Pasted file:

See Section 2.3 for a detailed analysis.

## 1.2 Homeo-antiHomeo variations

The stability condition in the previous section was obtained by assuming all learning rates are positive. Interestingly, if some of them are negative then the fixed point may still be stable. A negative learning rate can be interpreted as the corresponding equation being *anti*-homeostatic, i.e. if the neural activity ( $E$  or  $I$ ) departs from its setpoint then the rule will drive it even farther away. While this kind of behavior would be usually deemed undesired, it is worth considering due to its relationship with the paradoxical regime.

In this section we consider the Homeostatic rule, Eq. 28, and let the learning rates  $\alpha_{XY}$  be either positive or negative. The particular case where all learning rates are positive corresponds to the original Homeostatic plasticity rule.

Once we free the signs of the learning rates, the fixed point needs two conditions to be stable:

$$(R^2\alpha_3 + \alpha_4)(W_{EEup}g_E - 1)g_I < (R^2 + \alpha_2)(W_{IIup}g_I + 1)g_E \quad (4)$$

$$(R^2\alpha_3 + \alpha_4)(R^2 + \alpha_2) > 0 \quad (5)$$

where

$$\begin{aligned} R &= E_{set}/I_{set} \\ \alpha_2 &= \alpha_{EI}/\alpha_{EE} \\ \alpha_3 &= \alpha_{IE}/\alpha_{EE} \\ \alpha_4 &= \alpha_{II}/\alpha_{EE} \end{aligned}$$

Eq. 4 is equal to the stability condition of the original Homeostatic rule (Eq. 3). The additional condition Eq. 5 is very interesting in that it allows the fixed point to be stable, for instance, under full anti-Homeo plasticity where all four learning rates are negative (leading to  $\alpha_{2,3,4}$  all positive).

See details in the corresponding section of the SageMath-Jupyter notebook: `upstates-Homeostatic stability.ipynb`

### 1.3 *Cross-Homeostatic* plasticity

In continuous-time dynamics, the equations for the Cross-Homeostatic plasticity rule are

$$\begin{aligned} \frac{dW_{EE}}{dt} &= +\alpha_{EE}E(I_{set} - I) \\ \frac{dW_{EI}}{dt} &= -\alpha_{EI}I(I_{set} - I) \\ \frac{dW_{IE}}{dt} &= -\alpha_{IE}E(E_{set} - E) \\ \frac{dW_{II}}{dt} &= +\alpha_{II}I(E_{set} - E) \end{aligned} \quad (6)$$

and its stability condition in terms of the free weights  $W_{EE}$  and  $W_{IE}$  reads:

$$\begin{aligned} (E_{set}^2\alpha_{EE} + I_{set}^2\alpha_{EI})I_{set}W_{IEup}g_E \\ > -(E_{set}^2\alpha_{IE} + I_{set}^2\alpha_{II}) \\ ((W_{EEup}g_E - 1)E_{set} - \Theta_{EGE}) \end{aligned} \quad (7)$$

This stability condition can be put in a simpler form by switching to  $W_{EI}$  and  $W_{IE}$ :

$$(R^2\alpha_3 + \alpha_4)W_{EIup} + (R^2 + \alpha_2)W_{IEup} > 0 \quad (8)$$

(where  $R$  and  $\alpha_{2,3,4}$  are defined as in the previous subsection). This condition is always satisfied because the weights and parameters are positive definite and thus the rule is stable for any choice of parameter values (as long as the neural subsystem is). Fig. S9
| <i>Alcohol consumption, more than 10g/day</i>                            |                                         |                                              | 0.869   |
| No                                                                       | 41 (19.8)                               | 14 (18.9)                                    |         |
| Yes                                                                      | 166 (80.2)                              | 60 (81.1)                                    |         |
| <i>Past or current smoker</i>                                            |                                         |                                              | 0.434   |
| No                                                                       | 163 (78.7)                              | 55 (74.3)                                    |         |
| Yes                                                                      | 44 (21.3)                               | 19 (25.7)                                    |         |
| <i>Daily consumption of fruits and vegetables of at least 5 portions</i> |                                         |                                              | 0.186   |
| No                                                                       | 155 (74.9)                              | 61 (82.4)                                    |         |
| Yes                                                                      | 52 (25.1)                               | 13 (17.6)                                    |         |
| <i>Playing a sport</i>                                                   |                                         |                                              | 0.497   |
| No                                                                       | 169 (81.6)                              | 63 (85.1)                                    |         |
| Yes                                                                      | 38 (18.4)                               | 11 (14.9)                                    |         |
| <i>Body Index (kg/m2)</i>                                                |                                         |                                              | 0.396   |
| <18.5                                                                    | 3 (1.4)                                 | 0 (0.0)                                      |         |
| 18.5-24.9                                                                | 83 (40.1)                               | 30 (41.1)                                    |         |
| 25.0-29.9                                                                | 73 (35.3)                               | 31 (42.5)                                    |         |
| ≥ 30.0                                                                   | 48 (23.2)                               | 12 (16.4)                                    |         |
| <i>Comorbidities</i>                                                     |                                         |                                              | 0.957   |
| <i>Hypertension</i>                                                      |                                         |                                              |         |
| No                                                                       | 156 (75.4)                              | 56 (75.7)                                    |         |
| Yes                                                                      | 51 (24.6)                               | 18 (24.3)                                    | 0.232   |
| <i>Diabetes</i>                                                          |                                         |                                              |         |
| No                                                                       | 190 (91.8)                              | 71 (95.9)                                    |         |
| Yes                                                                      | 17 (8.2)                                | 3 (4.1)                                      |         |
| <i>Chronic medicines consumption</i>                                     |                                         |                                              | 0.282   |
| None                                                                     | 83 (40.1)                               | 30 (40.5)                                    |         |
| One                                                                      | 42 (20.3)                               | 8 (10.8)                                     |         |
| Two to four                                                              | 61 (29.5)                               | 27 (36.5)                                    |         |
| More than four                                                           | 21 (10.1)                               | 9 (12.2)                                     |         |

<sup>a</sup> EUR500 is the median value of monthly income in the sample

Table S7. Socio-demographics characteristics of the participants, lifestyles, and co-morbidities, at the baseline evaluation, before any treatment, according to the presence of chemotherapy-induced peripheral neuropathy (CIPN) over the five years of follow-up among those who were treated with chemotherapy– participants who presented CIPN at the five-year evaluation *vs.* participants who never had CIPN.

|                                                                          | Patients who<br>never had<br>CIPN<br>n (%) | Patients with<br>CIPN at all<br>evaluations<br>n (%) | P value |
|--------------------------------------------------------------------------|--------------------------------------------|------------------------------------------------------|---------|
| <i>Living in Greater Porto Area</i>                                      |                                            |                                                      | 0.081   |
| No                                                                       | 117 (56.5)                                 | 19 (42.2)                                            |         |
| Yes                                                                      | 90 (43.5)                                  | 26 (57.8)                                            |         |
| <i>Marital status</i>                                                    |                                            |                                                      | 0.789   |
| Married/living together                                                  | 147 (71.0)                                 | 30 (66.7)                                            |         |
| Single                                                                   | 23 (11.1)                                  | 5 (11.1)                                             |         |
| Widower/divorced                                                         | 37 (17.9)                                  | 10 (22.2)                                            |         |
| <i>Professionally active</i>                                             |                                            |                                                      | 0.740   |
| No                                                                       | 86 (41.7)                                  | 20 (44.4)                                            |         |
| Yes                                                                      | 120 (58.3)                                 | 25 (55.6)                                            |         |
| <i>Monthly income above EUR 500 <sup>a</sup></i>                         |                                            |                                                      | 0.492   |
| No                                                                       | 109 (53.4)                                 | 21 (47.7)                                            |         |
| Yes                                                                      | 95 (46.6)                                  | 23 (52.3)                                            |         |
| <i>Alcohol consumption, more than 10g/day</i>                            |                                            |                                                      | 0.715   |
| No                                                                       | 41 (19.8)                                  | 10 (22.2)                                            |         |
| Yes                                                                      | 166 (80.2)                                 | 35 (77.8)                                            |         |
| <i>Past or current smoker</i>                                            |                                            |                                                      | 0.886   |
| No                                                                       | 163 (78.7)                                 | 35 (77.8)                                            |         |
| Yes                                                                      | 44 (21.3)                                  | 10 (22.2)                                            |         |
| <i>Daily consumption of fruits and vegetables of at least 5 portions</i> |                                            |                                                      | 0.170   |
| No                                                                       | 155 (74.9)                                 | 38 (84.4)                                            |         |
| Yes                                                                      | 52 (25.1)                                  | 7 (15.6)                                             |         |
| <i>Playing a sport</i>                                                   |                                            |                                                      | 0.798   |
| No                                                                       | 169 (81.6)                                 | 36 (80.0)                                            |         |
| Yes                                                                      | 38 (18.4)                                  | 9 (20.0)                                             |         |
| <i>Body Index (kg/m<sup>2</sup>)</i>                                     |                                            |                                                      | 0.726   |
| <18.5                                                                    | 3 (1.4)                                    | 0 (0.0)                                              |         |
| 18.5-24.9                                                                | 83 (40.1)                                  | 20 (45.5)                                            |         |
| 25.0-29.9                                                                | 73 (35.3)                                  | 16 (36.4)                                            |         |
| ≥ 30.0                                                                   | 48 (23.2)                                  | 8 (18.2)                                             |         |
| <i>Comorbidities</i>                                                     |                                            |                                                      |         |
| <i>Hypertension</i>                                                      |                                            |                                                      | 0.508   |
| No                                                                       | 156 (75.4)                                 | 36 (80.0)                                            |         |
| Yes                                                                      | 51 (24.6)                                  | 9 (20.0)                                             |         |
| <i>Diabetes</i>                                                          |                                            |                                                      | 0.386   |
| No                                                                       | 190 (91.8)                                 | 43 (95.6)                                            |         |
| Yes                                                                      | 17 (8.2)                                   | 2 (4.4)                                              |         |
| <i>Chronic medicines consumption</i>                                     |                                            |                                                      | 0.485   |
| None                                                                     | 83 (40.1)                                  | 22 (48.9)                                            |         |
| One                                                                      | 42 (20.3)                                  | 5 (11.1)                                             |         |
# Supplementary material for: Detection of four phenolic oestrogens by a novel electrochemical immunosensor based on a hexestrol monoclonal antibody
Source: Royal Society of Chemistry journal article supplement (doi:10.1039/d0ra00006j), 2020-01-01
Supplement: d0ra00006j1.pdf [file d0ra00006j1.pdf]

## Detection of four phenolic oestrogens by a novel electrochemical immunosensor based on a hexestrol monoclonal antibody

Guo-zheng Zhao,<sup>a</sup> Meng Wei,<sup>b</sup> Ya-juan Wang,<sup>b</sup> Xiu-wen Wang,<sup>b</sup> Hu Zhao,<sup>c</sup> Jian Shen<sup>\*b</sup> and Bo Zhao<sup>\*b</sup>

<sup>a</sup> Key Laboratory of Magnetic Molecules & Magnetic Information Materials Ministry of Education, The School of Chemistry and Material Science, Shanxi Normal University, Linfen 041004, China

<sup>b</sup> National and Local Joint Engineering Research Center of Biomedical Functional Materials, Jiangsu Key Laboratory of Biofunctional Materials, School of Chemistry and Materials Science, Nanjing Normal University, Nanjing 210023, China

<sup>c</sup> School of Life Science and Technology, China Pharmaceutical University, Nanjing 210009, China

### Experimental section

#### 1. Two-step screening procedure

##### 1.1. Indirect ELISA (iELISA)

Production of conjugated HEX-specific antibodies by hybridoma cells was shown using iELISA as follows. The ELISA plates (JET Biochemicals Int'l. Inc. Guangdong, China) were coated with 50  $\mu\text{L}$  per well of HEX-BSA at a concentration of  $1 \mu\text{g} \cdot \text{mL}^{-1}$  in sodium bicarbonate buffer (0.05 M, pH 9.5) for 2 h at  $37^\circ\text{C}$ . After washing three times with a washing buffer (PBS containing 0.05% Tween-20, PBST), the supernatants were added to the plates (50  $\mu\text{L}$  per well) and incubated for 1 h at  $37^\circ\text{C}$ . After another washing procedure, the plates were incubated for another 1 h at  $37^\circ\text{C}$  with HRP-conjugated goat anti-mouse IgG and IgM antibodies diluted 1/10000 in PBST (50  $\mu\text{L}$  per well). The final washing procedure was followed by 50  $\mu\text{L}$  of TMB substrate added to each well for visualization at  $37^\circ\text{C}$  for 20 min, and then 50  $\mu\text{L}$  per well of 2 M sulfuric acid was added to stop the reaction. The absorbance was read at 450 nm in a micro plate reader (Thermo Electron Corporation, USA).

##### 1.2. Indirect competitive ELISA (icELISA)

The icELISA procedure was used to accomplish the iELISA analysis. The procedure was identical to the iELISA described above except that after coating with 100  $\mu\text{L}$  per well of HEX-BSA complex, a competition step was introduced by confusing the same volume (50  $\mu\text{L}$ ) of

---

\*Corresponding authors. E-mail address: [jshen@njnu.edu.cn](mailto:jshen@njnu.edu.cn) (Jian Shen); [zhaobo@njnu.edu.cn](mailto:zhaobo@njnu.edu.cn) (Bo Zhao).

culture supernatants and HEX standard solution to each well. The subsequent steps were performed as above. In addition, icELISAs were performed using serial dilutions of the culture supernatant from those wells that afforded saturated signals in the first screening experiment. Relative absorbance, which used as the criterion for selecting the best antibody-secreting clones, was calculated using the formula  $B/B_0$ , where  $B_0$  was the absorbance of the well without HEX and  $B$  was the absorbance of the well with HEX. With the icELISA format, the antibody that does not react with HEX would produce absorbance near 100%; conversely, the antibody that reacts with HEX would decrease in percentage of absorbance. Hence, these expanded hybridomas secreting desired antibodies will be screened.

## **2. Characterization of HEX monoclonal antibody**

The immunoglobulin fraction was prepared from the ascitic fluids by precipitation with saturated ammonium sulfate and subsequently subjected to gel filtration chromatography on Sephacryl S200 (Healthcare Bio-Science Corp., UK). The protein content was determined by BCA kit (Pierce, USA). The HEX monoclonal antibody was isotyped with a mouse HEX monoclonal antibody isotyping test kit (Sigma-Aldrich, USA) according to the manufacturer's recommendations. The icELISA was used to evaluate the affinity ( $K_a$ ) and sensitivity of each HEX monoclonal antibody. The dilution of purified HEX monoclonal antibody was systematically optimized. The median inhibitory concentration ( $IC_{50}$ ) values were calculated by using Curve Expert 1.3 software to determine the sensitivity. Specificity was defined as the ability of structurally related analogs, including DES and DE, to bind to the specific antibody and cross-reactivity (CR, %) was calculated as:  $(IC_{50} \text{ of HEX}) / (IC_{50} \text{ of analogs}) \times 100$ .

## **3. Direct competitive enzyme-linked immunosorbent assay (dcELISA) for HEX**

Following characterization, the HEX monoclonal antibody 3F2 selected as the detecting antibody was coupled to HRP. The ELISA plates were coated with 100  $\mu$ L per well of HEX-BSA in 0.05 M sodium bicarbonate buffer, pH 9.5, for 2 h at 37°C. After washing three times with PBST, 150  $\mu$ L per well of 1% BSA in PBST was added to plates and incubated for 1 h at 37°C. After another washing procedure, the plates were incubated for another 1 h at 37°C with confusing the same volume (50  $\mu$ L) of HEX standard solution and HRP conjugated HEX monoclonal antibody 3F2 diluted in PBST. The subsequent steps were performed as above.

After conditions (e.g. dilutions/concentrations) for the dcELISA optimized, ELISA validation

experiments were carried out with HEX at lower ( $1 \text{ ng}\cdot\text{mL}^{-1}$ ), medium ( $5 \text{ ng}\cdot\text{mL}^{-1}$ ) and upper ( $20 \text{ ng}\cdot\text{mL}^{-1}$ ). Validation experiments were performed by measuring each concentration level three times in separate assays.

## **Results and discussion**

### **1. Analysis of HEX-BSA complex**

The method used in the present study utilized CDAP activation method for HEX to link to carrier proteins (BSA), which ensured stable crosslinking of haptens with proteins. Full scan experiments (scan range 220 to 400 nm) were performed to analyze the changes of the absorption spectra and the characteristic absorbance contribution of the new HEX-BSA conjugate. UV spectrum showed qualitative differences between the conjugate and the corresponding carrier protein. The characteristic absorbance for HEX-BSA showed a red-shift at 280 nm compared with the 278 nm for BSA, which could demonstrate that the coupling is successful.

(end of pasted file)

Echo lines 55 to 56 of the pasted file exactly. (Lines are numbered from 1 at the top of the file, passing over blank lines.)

| Yes                                                                      | 90 (43.5)                                  | 26 (57.8)                                            |         |
| <i>Marital status</i>                                                    |                                            |                                                      | 0.789   |